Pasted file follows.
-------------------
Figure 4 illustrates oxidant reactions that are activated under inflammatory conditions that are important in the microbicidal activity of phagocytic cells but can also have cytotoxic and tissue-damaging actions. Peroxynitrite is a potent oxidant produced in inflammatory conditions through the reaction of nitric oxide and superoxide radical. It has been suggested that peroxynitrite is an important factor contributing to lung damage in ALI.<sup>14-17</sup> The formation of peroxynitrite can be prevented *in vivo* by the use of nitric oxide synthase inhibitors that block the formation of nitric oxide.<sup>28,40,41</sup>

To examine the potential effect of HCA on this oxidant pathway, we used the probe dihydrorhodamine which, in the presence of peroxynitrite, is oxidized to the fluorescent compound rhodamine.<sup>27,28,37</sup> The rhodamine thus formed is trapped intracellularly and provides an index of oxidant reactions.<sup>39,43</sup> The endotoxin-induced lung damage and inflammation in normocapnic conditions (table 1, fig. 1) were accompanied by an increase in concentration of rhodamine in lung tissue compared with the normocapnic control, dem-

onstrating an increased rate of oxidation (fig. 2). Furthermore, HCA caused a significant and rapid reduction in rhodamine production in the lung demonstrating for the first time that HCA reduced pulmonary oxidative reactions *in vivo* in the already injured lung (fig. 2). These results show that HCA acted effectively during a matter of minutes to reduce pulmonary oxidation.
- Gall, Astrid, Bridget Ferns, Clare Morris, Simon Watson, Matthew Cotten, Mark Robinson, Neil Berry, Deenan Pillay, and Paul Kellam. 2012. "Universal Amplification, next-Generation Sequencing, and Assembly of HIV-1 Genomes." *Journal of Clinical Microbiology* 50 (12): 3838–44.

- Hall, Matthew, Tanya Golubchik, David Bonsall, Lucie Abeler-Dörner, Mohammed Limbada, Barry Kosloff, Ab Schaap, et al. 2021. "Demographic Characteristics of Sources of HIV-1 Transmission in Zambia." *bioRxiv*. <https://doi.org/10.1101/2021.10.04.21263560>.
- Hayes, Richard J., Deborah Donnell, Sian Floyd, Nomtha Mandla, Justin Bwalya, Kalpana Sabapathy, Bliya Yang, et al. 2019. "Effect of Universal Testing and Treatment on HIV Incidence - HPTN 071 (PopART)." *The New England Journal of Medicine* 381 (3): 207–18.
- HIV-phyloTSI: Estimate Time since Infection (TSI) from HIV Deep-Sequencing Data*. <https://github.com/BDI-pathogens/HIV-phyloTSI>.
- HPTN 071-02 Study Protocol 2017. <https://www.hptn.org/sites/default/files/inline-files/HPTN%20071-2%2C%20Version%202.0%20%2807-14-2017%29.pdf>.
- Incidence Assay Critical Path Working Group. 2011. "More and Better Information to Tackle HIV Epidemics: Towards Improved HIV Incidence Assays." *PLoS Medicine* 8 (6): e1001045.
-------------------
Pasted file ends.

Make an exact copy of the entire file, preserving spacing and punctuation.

Figure 4 illustrates oxidant reactions that are activated under inflammatory conditions that are important in the microbicidal activity of phagocytic cells but can also have cytotoxic and tissue-damaging actions. Peroxynitrite is a potent oxidant produced in inflammatory conditions through the reaction of nitric oxide and superoxide radical. It has been suggested that peroxynitrite is an important factor contributing to lung damage in ALI.<sup>14-17</sup> The formation of peroxynitrite can be prevented *in vivo* by the use of nitric oxide synthase inhibitors that block the formation of nitric oxide.<sup>28,40,41</sup>

To examine the potential effect of HCA on this oxidant pathway, we used the probe dihydrorhodamine which, in the presence of peroxynitrite, is oxidized to the fluorescent compound rhodamine.<sup>27,28,37</sup> The rhodamine thus formed is trapped intracellularly and provides an index of oxidant reactions.<sup>39,43</sup> The endotoxin-induced lung damage and inflammation in normocapnic conditions (table 1, fig. 1) were accompanied by an increase in concentration of rhodamine in lung tissue compared with the normocapnic control, dem-

onstrating an increased rate of oxidation (fig. 2). Furthermore, HCA caused a significant and rapid reduction in rhodamine production in the lung demonstrating for the first time that HCA reduced pulmonary oxidative reactions *in vivo* in the already injured lung (fig. 2). These results show that HCA acted effectively during a matter of minutes to reduce pulmonary oxidation.
- Gall, Astrid, Bridget Ferns, Clare Morris, Simon Watson, Matthew Cotten, Mark Robinson, Neil Berry, Deenan Pillay, and Paul Kellam. 2012. "Universal Amplification, next-Generation Sequencing, and Assembly of HIV-1 Genomes." *Journal of Clinical Microbiology* 50 (12): 3838–44.

- Hall, Matthew, Tanya Golubchik, David Bonsall, Lucie Abeler-Dörner, Mohammed Limbada, Barry Kosloff, Ab Schaap, et al. 2021. "Demographic Characteristics of Sources of HIV-1 Transmission in Zambia." *bioRxiv*. <https://doi.org/10.1101/2021.10.04.21263560>.
- Hayes, Richard J., Deborah Donnell, Sian Floyd, Nomtha Mandla, Justin Bwalya, Kalpana Sabapathy, Bliya Yang, et al. 2019. "Effect of Universal Testing and Treatment on HIV Incidence - HPTN 071 (PopART)." *The New England Journal of Medicine* 381 (3): 207–18.
- HIV-phyloTSI: Estimate Time since Infection (TSI) from HIV Deep-Sequencing Data*. <https://github.com/BDI-pathogens/HIV-phyloTSI>.
- HPTN 071-02 Study Protocol 2017. <https://www.hptn.org/sites/default/files/inline-files/HPTN%20071-2%2C%20Version%202.0%20%2807-14-2017%29.pdf>.
- Incidence Assay Critical Path Working Group. 2011. "More and Better Information to Tackle HIV Epidemics: Towards Improved HIV Incidence Assays." *PLoS Medicine* 8 (6): e1001045.